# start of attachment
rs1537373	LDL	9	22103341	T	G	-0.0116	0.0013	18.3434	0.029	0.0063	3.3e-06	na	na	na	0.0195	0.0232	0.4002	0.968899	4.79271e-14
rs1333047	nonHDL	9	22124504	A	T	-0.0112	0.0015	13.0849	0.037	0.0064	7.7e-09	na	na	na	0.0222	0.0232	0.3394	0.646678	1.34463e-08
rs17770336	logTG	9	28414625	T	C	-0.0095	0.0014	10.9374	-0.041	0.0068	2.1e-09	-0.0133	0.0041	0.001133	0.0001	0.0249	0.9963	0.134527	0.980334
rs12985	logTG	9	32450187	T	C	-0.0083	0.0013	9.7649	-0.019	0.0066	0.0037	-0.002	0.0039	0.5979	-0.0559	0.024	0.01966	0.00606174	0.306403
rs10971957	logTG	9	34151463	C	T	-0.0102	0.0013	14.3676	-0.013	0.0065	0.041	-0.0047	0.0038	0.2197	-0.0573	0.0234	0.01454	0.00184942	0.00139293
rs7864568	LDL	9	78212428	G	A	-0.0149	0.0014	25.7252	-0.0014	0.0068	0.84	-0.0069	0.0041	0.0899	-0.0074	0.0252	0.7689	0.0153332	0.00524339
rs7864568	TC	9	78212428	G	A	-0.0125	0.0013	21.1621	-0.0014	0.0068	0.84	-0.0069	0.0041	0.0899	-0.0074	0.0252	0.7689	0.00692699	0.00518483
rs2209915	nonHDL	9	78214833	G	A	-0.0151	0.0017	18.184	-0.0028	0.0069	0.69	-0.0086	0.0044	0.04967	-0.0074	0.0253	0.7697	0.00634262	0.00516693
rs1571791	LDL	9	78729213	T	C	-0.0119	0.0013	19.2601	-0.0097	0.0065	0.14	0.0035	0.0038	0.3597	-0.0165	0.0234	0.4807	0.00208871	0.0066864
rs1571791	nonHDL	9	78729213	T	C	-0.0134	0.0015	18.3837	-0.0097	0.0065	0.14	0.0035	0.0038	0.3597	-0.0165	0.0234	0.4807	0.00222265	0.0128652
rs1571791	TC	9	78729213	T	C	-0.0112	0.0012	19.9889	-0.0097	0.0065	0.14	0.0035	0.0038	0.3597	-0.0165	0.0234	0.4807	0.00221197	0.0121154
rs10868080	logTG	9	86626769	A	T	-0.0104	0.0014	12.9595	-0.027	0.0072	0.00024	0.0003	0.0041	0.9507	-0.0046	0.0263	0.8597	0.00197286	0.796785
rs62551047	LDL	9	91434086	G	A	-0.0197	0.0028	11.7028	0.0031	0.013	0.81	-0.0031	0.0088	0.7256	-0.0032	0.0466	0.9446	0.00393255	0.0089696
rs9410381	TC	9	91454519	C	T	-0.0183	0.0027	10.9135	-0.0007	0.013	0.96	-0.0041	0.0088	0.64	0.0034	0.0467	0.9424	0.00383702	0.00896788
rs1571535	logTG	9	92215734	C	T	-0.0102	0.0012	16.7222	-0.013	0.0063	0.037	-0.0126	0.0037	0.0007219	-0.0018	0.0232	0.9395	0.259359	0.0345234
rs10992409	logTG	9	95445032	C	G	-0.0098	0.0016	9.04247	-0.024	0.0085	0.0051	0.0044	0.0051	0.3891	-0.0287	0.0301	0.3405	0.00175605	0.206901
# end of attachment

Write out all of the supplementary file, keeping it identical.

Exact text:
rs1537373	LDL	9	22103341	T	G	-0.0116	0.0013	18.3434	0.029	0.0063	3.3e-06	na	na	na	0.0195	0.0232	0.4002	0.968899	4.79271e-14
rs1333047	nonHDL	9	22124504	A	T	-0.0112	0.0015	13.0849	0.037	0.0064	7.7e-09	na	na	na	0.0222	0.0232	0.3394	0.646678	1.34463e-08
rs17770336	logTG	9	28414625	T	C	-0.0095	0.0014	10.9374	-0.041	0.0068	2.1e-09	-0.0133	0.0041	0.001133	0.0001	0.0249	0.9963	0.134527	0.980334
rs12985	logTG	9	32450187	T	C	-0.0083	0.0013	9.7649	-0.019	0.0066	0.0037	-0.002	0.0039	0.5979	-0.0559	0.024	0.01966	0.00606174	0.306403
rs10971957	logTG	9	34151463	C	T	-0.0102	0.0013	14.3676	-0.013	0.0065	0.041	-0.0047	0.0038	0.2197	-0.0573	0.0234	0.01454	0.00184942	0.00139293
rs7864568	LDL	9	78212428	G	A	-0.0149	0.0014	25.7252	-0.0014	0.0068	0.84	-0.0069	0.0041	0.0899	-0.0074	0.0252	0.7689	0.0153332	0.00524339
rs7864568	TC	9	78212428	G	A	-0.0125	0.0013	21.1621	-0.0014	0.0068	0.84	-0.0069	0.0041	0.0899	-0.0074	0.0252	0.7689	0.00692699	0.00518483
rs2209915	nonHDL	9	78214833	G	A	-0.0151	0.0017	18.184	-0.0028	0.0069	0.69	-0.0086	0.0044	0.04967	-0.0074	0.0253	0.7697	0.00634262	0.00516693
rs1571791	LDL	9	78729213	T	C	-0.0119	0.0013	19.2601	-0.0097	0.0065	0.14	0.0035	0.0038	0.3597	-0.0165	0.0234	0.4807	0.00208871	0.0066864
rs1571791	nonHDL	9	78729213	T	C	-0.0134	0.0015	18.3837	-0.0097	0.0065	0.14	0.0035	0.0038	0.3597	-0.0165	0.0234	0.4807	0.00222265	0.0128652
rs1571791	TC	9	78729213	T	C	-0.0112	0.0012	19.9889	-0.0097	0.0065	0.14	0.0035	0.0038	0.3597	-0.0165	0.0234	0.4807	0.00221197	0.0121154
rs10868080	logTG	9	86626769	A	T	-0.0104	0.0014	12.9595	-0.027	0.0072	0.00024	0.0003	0.0041	0.9507	-0.0046	0.0263	0.8597	0.00197286	0.796785
rs62551047	LDL	9	91434086	G	A	-0.0197	0.0028	11.7028	0.0031	0.013	0.81	-0.0031	0.0088	0.7256	-0.0032	0.0466	0.9446	0.00393255	0.0089696
rs9410381	TC	9	91454519	C	T	-0.0183	0.0027	10.9135	-0.0007	0.013	0.96	-0.0041	0.0088	0.64	0.0034	0.0467	0.9424	0.00383702	0.00896788
rs1571535	logTG	9	92215734	C	T	-0.0102	0.0012	16.7222	-0.013	0.0063	0.037	-0.0126	0.0037	0.0007219	-0.0018	0.0232	0.9395	0.259359	0.0345234
rs10992409	logTG	9	95445032	C	G	-0.0098	0.0016	9.04247	-0.024	0.0085	0.0051	0.0044	0.0051	0.3891	-0.0287	0.0301	0.3405	0.00175605	0.206901